Really, now, how better to describe the NBA's late, and in some ways lamentable, regular season than to say it featured the 11th commandment of Moses Malone—Thou shalt not steal my rebound—the Looking for Mr. Good Bird, the emergence of Dave Cowens as a "coach" and Lloyd Free as a "star." Also, the Richie Powers Memorial Double-header, the Bob McAdoo pack-up-your-troubles-in-your-old-kit-bag show and the New York Knicks and New Orleans Jazz sleepwalking festival.
Obladi. Oblada. In professional basketball, life goes on.
And on. And on. And so, now, the playoffs. Certainly there are enough candidates for the finals from the East and West to satisfy all tastes. For aficionados of team play, joie de vivre, hustle and 48-minute effort, there are the Phoenix Suns, Atlanta Hawks, Portland Trail Blazers, Houston Rockets and Kansas City Kings. For those who are of the star-wars and lonely-rich-guy persuasion, there are the Philadelphia 76ers, Los Angeles Lakers and Denver Nuggets. If one prefers to avoid watching defense at all costs, there are the San Antonio Spurs. And how about primal scream therapy? The NBA presents in living, screaming color the New Jersey Nets and Kevin ("They're out to get me") Loughery. The finalists will not be known, of course, until Brent Musberger opens the envelope, one hopes, sometime before August. But, alas, most of the signs point away from these teams and back toward the replay of last year's championship series between the Washington Bullets and the Seattle SuperSonics.
Were it not for the fact that no team since the Bill Russell Celtics of 10 years ago has won back-to-back championships, the Bullets would be overwhelming favorites to repeat, despite losing their last three games. History aside, they should win it all again—and this time more easily, defeating, say, Atlanta in five, Philly in six and Seattle in five—simply because they are the strongest, deepest, most confident, most adaptable and best team in the NBA. "To win twice, you have to be really mean to do that," says Indiana Coach Bob Leonard. Oh, yes. The Bullets may be the meanest team in the NBA as well.
The experience of winning the title in 1978 on the road ( Washington overcame the home-court advantages of San Antonio, Philadelphia and, in the seventh and final game, Seattle) has sustained the club through this season, in which the Bullets were one of only two teams (the other was Seattle, 21-20) to have a winning record (23-18) away from home. When Golden State Guard John Lucas speaks of Washington as having the "smartest front line in the game," he is referring not only to Elvin Hayes, Wes Unseld and Bob Dandridge, all of whom put together marvelous seasons, but also to reserves Mitch Kupchak and Greg Ballard, whose enthusiasm, passing and offensive rebounding would make them starters, not to mention stars, in most other cities.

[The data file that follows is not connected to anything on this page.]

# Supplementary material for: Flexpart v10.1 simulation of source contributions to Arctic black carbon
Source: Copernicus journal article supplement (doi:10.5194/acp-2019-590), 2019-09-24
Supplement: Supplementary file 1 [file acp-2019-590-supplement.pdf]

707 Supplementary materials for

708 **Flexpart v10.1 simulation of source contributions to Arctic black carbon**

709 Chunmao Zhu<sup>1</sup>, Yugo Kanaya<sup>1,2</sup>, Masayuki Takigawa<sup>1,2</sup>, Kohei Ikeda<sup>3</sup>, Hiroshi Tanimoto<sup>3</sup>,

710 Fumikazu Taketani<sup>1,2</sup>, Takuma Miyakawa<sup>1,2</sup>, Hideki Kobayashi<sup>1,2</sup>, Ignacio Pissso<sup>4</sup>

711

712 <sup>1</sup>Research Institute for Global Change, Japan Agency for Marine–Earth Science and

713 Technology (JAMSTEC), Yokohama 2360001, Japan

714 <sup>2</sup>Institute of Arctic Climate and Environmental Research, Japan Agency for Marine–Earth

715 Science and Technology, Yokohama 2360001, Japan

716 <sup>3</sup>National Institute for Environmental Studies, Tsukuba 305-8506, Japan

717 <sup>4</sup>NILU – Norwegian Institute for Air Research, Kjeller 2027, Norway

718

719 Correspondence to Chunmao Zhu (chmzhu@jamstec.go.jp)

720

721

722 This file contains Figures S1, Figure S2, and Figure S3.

Coach Dick Motta's offense is designed for playmaker Tom Henderson to pound the ball inside, where Hayes is automatic on the turnaround jumper and Dandridge administers more one-on-one "facials" than anyone since Helena Rubenstein. In the Bullet system, the 31-year-old small forward known as "Pick," who seems to sleep through half the games, has become the NBA's most complete player. When aroused, Dandridge shoots, passes, defends and rebounds, and in last year's playoffs he even played some guard.
Elsewhere in the backcourt is shooter Kevin Grevey or whippets Charley Johnson and Larry Wright, or even rejuvenated former All-Star Phil Chenier. Motta says he has nine starters, but somewhere in this plethora of talent the coach has lost count.
Nagging injuries to Kupchak and Grevey may be cause for concern, but of more significance is the Bullets' record (7-5) against three of their possible Eastern rivals: Central Division winner San Antonio, which has never won a game at the Capitol Centre in Landover, Md.; Houston, whose Malone gets gang-attacked and beat upon something awful by the Washington musclemen; and Atlanta, which Dandridge takes apart all by himself.
The survivor of the Atlanta-Houston opening-round mini-series will meet the Bullets, but by that time the magnificent runaway MVP, Malone, may be too exhausted to stand upright after the grabbing, clawing Hawks get through with him. As for the Hawks—in particular, John Drew and Tree Rollins, who are even money to foul out of a H-O-R-S-E game—they may be rendered deaf from the frequent, bellowing harangues of Coach Hubie Brown, who takes a backseat to no one (not even Loughery) in anguished noisemaking.
In reality, only the Atlantic Division runner-up 76ers appear to be a threat to the Bullets before the championship round. This assumes that destiny's fallen darlings, from Dr. Julius Erving on down to Darryl Dawkins, play well in the mini-series against their old doubleheader buddies, the Nets (surely you recall the New Jersey- Philadelphia game, which had to be replayed in part because of Powers' handing out two too many technical fouls), then defeat their running, gunning mirror images, the Spurs, in the following round.